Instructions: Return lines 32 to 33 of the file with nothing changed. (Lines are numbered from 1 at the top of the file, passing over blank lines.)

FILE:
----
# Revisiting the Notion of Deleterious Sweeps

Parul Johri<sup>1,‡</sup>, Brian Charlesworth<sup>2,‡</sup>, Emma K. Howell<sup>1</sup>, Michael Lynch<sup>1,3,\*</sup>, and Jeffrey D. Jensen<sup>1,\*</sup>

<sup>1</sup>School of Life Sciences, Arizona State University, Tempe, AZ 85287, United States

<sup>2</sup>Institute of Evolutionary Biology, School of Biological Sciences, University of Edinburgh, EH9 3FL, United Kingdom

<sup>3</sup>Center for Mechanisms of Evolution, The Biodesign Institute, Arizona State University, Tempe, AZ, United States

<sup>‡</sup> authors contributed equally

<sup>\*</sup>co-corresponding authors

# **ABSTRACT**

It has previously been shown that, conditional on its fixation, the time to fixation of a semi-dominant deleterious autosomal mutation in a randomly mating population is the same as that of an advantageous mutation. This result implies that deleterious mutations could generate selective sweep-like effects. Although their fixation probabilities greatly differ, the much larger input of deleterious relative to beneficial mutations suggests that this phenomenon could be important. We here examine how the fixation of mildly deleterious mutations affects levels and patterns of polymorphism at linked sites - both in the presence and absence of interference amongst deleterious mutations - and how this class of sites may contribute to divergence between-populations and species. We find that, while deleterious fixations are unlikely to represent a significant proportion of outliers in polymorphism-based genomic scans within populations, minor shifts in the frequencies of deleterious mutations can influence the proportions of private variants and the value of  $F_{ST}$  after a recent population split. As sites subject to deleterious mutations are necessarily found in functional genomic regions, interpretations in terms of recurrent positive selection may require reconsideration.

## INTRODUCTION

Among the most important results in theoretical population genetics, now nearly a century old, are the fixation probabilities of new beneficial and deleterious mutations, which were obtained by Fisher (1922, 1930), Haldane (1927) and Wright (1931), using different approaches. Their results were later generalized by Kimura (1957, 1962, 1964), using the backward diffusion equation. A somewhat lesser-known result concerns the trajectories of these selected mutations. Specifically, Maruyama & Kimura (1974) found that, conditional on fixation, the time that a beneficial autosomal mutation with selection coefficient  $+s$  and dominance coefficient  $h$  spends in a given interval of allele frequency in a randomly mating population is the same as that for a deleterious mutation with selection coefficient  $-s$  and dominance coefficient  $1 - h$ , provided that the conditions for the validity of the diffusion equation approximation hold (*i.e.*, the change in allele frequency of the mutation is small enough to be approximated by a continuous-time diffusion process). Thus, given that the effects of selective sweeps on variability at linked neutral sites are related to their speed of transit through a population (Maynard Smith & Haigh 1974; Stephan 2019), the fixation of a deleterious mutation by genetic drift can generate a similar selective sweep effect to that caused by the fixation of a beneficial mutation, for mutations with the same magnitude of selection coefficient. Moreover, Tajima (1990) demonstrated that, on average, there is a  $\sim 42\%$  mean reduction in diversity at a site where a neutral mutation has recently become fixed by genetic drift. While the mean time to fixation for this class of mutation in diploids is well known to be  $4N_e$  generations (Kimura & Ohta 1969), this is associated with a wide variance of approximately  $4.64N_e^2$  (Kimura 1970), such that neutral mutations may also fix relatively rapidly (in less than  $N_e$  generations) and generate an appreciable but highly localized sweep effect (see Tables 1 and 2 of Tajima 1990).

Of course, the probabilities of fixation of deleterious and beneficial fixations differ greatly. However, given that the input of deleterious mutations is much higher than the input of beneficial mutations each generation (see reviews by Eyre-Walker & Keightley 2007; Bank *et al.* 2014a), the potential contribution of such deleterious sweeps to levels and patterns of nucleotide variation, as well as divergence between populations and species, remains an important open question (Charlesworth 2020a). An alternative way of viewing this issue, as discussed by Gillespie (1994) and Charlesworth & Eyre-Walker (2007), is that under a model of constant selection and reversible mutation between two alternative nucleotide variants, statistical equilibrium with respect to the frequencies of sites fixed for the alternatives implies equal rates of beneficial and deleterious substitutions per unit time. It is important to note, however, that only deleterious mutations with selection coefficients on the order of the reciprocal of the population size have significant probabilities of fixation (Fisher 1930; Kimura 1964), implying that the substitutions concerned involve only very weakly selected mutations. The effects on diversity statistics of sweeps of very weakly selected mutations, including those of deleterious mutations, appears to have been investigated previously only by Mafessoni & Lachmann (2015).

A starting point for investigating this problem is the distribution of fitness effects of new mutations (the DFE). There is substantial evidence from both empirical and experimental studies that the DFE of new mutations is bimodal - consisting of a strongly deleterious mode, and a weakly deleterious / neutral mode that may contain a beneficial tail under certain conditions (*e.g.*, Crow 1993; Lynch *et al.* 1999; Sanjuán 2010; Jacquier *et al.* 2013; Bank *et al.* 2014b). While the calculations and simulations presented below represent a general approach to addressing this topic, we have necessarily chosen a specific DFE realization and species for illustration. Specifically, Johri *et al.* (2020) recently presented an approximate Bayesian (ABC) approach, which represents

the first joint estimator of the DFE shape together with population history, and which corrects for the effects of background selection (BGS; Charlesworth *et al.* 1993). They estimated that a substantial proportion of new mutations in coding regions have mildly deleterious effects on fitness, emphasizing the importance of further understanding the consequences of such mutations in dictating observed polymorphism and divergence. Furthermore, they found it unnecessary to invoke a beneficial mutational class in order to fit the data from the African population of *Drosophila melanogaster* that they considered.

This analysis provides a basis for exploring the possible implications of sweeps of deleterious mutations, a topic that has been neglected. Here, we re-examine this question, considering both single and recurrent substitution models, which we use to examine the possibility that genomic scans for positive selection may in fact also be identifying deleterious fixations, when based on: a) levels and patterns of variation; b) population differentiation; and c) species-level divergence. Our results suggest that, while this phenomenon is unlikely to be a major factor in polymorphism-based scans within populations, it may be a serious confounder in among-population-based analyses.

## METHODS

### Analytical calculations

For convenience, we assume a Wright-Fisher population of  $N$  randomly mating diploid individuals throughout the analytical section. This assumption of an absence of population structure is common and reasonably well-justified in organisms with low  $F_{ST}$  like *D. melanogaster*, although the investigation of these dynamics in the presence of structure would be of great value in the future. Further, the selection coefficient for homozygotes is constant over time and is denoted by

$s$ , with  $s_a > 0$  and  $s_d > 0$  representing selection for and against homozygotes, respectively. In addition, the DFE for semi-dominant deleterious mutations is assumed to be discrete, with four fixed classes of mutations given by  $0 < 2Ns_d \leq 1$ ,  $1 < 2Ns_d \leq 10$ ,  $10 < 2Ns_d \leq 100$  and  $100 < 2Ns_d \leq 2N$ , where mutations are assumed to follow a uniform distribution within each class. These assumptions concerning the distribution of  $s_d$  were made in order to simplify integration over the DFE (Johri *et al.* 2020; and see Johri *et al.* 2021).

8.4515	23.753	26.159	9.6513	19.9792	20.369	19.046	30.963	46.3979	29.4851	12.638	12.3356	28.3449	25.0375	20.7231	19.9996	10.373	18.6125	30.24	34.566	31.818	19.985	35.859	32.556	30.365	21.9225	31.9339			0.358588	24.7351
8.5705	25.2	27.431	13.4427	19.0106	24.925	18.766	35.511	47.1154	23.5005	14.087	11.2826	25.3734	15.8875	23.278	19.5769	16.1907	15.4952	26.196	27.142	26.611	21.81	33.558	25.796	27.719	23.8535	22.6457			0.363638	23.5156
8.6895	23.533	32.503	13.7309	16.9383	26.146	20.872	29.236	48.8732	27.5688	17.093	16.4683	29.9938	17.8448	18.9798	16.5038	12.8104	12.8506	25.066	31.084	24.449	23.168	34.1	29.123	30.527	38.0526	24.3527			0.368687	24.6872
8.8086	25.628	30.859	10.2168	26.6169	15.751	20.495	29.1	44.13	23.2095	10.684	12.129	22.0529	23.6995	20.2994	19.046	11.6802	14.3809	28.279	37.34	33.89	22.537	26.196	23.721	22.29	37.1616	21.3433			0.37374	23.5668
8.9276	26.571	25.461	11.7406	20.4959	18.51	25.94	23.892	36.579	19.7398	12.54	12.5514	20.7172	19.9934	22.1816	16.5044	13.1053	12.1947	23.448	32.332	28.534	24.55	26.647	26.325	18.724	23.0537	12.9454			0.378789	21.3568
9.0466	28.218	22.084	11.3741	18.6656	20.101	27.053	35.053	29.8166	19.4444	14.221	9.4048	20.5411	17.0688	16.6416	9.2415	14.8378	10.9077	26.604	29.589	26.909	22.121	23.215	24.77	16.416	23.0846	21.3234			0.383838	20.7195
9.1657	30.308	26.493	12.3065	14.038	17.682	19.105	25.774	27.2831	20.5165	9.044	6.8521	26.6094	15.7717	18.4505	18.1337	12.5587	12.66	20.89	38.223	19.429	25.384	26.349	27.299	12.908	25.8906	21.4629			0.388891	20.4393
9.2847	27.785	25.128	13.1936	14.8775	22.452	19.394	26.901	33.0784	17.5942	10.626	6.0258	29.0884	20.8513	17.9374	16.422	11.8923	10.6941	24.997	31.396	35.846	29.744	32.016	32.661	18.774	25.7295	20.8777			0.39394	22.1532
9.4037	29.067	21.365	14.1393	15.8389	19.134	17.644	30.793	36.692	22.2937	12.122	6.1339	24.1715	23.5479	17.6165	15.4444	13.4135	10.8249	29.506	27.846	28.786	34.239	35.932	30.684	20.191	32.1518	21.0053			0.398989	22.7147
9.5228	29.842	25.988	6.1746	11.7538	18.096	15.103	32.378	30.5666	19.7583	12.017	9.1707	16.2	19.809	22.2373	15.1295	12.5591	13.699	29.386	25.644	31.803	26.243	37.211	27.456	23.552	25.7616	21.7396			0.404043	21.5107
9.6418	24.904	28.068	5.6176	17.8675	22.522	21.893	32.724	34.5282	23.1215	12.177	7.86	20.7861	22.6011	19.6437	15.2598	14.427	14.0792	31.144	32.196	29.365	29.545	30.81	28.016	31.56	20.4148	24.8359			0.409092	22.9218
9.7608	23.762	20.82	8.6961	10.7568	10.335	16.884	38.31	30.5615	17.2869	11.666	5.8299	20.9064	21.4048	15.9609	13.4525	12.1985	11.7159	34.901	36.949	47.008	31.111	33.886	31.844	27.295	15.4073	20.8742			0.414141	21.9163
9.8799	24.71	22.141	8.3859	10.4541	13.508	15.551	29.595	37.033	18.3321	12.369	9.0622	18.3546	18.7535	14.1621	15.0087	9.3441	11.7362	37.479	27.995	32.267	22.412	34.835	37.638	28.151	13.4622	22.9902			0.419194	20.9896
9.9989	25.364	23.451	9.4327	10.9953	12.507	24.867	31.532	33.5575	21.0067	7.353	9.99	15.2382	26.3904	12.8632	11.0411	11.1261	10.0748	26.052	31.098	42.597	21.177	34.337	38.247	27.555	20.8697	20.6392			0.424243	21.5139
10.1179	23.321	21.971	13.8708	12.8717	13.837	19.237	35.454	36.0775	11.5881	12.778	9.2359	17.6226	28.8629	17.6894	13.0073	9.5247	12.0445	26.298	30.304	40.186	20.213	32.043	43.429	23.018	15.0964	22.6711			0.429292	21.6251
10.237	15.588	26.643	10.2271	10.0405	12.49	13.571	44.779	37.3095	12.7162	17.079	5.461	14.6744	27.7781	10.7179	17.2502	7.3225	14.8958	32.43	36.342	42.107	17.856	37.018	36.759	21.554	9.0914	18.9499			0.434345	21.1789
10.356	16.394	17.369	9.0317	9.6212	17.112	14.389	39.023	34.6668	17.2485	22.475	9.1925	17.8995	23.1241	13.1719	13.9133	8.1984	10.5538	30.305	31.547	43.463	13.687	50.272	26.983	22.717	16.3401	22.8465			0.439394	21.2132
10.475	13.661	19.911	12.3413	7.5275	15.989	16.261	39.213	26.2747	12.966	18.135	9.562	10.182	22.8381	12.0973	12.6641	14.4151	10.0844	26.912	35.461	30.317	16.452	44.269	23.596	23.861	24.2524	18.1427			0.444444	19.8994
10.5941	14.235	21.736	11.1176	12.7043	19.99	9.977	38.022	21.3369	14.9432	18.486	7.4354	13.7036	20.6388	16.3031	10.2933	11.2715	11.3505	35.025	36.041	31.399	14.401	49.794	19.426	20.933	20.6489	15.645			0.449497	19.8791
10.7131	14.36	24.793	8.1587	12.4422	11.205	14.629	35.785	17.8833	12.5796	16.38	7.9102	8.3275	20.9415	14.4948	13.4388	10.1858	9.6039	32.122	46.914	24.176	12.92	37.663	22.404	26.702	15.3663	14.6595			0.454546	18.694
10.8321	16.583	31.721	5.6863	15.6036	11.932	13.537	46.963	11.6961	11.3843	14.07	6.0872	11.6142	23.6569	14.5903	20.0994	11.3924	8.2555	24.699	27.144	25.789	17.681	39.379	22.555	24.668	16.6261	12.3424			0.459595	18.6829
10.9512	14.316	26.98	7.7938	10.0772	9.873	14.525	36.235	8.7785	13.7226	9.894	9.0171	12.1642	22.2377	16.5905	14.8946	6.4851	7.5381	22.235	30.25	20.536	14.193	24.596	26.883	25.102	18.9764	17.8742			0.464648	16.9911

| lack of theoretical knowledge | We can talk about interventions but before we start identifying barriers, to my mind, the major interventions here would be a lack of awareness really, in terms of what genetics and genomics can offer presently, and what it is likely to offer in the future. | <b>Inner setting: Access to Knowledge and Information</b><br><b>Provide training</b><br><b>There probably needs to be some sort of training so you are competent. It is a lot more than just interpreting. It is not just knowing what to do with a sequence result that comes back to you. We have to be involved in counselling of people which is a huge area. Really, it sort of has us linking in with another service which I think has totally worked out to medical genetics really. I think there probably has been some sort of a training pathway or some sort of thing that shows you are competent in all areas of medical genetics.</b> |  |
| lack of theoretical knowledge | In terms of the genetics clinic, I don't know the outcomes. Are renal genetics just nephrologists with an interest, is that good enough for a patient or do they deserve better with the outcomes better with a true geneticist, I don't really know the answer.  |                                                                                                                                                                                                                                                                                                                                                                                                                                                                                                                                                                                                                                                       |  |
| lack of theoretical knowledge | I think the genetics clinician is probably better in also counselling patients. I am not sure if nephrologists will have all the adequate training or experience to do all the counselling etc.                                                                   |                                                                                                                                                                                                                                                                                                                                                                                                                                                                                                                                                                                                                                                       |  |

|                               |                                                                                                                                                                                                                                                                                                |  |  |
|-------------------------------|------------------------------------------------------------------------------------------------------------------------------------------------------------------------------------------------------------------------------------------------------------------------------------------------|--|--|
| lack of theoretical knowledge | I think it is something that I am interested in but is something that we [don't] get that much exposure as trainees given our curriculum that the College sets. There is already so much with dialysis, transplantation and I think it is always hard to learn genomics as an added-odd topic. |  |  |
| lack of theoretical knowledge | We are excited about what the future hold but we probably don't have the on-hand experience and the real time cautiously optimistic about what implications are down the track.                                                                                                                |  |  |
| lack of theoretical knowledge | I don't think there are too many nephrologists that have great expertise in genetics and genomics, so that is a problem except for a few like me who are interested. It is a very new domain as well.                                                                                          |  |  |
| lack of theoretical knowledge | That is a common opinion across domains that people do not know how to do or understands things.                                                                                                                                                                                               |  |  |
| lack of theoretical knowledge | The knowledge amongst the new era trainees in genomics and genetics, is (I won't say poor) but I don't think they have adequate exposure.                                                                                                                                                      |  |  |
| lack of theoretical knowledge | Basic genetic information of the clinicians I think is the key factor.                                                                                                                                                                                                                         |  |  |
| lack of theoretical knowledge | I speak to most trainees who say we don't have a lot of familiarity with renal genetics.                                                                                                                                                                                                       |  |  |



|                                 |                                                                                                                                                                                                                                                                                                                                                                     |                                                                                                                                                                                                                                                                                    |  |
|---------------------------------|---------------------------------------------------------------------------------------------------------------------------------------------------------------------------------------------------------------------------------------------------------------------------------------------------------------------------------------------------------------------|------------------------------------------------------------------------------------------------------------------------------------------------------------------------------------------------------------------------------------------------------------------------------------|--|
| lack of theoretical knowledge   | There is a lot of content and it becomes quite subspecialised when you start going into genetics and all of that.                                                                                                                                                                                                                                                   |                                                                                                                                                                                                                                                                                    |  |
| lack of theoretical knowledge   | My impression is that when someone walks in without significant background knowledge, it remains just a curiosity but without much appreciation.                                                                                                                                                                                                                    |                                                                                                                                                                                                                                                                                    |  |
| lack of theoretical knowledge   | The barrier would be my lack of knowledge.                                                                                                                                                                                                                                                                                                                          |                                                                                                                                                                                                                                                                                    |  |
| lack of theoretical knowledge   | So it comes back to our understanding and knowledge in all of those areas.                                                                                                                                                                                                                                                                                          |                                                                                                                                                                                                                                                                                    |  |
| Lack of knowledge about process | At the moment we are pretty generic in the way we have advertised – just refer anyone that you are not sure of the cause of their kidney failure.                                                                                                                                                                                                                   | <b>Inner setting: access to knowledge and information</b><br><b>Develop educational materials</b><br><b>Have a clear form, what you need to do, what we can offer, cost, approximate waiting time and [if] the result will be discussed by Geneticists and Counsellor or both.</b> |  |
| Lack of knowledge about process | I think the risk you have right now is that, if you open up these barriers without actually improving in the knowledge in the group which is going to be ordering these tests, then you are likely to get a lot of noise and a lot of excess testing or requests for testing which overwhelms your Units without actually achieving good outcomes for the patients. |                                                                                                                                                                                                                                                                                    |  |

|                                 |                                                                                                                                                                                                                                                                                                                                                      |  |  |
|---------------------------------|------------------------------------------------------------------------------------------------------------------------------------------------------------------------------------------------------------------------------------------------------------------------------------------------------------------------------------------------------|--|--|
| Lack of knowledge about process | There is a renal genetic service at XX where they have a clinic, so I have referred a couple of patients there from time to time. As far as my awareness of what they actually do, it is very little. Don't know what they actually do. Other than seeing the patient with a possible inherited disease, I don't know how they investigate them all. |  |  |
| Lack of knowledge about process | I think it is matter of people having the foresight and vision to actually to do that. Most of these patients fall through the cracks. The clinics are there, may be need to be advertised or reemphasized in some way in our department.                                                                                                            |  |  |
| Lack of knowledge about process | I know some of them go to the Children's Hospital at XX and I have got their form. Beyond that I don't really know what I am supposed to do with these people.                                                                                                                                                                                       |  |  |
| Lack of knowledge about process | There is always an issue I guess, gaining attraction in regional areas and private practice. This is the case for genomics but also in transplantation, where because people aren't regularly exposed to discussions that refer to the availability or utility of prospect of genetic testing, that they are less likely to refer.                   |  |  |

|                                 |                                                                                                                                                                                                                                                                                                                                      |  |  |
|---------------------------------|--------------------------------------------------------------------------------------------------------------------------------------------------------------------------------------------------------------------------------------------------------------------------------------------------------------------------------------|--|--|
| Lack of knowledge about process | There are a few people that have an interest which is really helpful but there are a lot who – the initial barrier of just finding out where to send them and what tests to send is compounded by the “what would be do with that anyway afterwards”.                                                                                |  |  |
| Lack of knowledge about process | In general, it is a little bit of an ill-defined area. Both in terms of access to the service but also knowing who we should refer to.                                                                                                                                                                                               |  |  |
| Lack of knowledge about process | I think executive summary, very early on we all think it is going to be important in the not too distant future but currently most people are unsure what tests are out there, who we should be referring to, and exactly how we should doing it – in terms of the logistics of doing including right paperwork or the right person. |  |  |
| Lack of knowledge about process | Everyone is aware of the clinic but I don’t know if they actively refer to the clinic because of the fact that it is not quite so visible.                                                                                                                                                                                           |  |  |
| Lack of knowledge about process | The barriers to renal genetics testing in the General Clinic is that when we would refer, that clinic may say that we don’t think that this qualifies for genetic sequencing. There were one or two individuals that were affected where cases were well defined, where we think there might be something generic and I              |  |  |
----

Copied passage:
9.8799	24.71	22.141	8.3859	10.4541	13.508	15.551	29.595	37.033	18.3321	12.369	9.0622	18.3546	18.7535	14.1621	15.0087	9.3441	11.7362	37.479	27.995	32.267	22.412	34.835	37.638	28.151	13.4622	22.9902			0.419194	20.9896
9.9989	25.364	23.451	9.4327	10.9953	12.507	24.867	31.532	33.5575	21.0067	7.353	9.99	15.2382	26.3904	12.8632	11.0411	11.1261	10.0748	26.052	31.098	42.597	21.177	34.337	38.247	27.555	20.8697	20.6392			0.424243	21.5139